Leon (NHBS Catalogue Editor)
15 Jan 2024
Written for Hardback
Do we have free will or not? Despite millennia of debate, this question stands as one of those seemingly unresolvable conundrums. I admit it has never kept me up at night; yes, biology influences and constrains our behaviour, but it sure feels like we have free will. Beyond that, however, I confess to ignorance on this subject. Robert M. Sapolsky is a professor of biology and neurology who you may remember from his 2017 best-seller Behave
, a 790-page behemoth on the biology of human behaviour. Before delving in, let me immediately highlight that Determined
is accessible, well-researched, witty, and irreverent; it regularly made me chuckle. For a book that could have gotten bogged down in philosophical and neurobiological jargon, this one is a joy to read.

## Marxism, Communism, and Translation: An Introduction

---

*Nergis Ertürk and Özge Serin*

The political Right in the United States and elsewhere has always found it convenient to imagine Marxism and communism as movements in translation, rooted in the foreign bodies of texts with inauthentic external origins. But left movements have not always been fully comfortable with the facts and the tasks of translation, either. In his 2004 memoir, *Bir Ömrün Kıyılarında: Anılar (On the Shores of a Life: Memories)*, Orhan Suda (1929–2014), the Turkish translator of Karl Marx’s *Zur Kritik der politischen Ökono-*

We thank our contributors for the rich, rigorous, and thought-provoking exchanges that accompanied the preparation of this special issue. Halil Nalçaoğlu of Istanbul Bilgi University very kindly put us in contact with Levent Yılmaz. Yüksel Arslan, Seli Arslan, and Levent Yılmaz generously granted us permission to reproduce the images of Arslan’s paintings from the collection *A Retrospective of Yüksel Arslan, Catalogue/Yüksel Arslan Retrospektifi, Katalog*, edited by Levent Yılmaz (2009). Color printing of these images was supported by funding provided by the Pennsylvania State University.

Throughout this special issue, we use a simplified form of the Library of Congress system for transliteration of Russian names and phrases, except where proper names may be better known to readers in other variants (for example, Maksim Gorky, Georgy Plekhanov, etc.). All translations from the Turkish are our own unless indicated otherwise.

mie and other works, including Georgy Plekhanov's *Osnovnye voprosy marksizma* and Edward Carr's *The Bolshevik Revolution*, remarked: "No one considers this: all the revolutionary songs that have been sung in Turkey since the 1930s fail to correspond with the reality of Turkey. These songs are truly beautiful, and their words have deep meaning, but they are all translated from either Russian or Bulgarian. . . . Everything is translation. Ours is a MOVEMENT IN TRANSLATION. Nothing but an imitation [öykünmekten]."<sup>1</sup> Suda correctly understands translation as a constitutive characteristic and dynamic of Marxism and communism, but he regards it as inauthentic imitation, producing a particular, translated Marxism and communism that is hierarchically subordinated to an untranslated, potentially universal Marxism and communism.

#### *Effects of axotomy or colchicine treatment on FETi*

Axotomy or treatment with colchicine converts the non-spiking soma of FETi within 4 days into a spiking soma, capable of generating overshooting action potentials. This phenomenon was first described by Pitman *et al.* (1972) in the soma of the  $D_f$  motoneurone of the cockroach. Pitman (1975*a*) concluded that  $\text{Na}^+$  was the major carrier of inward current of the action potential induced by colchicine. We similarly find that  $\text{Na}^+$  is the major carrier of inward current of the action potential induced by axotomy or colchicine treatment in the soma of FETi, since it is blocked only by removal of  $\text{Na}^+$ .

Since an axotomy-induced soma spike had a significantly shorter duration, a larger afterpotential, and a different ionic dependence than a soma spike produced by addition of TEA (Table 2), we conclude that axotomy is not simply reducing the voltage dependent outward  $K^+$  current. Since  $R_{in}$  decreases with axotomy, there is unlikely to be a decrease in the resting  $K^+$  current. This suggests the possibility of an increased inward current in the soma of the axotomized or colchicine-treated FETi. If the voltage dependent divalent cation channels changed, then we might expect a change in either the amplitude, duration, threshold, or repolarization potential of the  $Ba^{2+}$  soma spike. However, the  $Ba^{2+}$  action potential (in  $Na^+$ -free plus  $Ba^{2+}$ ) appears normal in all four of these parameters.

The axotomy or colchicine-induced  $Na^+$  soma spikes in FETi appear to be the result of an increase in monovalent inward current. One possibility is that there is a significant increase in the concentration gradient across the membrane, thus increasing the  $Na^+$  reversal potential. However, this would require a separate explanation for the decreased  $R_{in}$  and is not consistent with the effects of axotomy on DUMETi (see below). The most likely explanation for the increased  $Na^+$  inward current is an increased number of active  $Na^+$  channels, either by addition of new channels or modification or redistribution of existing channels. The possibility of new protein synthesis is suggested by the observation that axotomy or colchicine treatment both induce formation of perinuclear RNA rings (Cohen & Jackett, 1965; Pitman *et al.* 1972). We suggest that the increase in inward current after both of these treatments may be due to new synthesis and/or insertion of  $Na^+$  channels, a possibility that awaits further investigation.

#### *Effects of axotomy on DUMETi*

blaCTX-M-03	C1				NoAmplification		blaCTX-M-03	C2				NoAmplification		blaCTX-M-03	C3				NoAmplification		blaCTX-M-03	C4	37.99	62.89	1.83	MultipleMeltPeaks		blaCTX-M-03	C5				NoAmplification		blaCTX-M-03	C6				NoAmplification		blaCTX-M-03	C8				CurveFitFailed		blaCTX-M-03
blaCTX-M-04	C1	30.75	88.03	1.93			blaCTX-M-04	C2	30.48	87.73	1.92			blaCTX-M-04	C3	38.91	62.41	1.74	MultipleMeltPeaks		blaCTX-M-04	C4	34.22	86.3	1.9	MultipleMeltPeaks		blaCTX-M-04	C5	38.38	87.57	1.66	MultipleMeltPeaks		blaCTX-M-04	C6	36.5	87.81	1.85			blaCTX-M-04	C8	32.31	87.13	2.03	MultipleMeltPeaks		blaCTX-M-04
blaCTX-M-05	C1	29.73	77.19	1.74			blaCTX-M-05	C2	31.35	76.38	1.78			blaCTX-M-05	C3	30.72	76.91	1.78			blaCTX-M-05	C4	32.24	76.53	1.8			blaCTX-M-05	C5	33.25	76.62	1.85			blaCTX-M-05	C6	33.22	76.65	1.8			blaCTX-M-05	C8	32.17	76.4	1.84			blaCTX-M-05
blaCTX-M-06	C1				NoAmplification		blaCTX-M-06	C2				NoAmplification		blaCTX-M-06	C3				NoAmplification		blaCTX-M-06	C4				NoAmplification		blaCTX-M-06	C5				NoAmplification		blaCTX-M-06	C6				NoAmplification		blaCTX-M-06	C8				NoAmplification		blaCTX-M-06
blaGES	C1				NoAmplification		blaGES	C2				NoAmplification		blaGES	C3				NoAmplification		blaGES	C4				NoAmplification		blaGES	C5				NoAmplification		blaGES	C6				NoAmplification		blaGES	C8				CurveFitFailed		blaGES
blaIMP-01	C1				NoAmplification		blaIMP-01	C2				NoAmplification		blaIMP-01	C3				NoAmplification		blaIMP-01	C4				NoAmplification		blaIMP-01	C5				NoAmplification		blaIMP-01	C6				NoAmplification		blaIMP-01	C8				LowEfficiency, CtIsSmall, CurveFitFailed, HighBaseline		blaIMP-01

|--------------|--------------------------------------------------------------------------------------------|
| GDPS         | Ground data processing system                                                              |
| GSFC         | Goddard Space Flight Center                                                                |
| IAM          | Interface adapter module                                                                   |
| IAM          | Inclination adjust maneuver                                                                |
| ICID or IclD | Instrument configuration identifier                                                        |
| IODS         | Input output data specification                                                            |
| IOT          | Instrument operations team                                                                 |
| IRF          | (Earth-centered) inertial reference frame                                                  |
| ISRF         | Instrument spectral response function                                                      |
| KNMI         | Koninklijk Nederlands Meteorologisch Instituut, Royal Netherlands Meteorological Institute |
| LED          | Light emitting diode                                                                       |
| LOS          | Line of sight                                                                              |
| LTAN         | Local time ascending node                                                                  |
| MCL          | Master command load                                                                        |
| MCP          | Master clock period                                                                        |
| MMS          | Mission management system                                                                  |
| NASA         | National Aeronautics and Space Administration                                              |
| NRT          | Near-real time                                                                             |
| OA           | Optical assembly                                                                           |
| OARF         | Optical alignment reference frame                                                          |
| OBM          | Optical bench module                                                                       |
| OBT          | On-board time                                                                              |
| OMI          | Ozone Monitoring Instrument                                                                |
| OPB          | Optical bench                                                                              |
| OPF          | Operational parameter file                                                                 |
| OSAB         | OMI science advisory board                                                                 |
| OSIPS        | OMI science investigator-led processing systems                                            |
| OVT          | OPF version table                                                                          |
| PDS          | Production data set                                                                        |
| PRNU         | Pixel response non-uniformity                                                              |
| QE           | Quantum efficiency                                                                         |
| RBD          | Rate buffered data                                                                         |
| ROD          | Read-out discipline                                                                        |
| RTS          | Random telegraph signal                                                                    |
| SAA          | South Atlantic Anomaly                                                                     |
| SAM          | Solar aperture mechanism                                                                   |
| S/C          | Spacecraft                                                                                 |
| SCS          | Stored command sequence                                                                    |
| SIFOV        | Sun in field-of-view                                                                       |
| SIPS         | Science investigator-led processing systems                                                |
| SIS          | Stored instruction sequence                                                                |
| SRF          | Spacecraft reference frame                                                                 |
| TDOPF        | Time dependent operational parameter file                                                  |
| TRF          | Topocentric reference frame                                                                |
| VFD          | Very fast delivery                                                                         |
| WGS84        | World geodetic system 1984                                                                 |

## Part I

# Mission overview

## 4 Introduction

Clearly, Sapolsky does not believe in free will. But what does that mean? He falls in the minority camp of hard incompatibilism: the world is deterministic (i.e. events result from both prior events and the laws of nature), this is incompatible with free will, and we are thus not morally responsible for our actions. The majority view he will examine and criticize most often is that of compatibilism: the world is deterministic, this is nevertheless compatible with free will, and we are morally responsible. Also important: how does he define free will? He takes a neurobiological perspective. To demonstrate free will, "show me a neuron (or brain) whose generation of a behavior is independent of the sum of its biological past" (p. 15). If I understand him correctly, he is in effect demanding you demonstrate a causeless cause. Whether this is a fruitful approach is debatable, but he defends it as: "anything but an absurdly high bar or straw man" (p. 84).
Positional sketch out of the way, Determined
breaks down into three parts that I will discuss in turn before giving some overall thoughts.